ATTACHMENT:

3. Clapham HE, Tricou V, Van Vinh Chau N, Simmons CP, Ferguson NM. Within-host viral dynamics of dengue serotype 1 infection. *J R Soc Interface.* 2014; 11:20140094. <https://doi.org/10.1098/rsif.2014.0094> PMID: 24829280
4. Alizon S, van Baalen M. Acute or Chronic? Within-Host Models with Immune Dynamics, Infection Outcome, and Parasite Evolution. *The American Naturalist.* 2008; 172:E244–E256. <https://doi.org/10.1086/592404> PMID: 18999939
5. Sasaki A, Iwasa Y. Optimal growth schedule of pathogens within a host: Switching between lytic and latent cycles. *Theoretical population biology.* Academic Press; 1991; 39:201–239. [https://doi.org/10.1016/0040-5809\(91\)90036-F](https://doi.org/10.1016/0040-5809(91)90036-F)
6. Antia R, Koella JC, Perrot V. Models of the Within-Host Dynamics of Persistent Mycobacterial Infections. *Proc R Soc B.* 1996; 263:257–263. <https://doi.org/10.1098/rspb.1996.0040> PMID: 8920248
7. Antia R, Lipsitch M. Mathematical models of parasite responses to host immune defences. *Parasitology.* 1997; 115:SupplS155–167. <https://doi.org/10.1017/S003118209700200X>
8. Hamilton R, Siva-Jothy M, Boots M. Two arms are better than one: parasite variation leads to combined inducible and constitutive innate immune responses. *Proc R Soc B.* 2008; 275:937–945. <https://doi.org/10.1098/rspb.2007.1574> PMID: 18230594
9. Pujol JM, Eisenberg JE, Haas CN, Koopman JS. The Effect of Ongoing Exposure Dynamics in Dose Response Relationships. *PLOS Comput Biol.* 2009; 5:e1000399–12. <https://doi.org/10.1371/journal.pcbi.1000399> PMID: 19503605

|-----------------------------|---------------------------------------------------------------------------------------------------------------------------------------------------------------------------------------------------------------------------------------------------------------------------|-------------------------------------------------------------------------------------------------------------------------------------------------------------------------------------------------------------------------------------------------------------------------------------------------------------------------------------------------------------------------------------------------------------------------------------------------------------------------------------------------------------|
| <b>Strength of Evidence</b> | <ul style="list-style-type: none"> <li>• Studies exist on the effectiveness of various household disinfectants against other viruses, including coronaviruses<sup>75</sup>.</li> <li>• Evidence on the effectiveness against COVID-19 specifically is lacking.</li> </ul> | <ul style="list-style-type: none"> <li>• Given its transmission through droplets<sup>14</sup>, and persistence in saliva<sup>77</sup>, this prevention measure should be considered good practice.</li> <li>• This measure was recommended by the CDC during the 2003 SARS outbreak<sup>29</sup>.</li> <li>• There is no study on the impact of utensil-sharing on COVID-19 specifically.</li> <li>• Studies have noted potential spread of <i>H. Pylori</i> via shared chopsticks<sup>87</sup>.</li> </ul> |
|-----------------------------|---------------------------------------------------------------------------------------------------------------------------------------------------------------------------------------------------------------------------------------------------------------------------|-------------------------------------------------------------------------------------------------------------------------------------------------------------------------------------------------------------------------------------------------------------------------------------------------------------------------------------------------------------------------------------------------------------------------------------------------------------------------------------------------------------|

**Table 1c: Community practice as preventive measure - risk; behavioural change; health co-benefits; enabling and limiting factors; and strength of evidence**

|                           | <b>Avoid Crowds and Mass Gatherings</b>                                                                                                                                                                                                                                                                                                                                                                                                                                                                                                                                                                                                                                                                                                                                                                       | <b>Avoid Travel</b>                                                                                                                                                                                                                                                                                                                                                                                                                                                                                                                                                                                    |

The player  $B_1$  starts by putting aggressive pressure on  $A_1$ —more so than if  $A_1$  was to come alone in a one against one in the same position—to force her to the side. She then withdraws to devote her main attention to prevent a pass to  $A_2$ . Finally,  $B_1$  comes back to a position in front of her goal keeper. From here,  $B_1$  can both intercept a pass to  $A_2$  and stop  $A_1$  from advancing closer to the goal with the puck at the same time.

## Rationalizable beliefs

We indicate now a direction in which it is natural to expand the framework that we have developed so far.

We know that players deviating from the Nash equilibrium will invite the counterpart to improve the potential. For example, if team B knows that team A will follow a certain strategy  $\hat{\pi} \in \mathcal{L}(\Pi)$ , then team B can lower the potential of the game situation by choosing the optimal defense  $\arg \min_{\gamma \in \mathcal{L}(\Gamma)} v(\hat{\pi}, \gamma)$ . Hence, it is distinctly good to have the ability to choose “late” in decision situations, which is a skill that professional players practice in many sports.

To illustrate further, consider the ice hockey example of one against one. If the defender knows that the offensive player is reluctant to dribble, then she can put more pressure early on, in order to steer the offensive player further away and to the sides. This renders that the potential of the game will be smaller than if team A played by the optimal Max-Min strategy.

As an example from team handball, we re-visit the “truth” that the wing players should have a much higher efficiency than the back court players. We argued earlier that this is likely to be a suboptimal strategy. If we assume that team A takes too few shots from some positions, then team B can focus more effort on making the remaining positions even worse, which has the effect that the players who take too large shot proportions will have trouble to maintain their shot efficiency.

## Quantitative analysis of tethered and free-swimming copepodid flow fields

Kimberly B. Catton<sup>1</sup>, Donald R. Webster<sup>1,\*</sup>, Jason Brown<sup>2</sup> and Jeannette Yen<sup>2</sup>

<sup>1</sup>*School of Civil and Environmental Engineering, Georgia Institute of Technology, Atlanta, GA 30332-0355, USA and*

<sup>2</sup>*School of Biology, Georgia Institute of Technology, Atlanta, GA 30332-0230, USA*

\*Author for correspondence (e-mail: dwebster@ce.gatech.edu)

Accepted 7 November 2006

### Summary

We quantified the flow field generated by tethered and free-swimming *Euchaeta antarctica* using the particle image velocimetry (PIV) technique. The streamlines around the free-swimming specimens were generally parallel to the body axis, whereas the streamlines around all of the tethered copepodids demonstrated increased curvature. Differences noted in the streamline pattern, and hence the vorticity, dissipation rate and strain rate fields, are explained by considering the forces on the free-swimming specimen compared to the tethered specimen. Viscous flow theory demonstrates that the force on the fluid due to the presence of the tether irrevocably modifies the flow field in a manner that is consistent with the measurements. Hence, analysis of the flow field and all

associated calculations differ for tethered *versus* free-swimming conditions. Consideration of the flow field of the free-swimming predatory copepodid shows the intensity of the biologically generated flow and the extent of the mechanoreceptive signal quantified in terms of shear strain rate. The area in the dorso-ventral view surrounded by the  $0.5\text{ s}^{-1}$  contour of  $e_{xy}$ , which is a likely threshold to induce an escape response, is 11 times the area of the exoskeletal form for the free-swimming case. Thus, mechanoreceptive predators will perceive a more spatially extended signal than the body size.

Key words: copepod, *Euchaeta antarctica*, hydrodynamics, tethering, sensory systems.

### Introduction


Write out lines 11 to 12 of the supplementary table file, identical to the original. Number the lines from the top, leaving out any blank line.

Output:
**Table 1c: Community practice as preventive measure - risk; behavioural change; health co-benefits; enabling and limiting factors; and strength of evidence**

|                           | <b>Avoid Crowds and Mass Gatherings</b>                                                                                                                                                                                                                                                                                                                                                                                                                                                                                                                                                                                                                                                                                                                                                                       | <b>Avoid Travel</b>                                                                                                                                                                                                                                                                                                                                                                                                                                                                                                                                                                                    |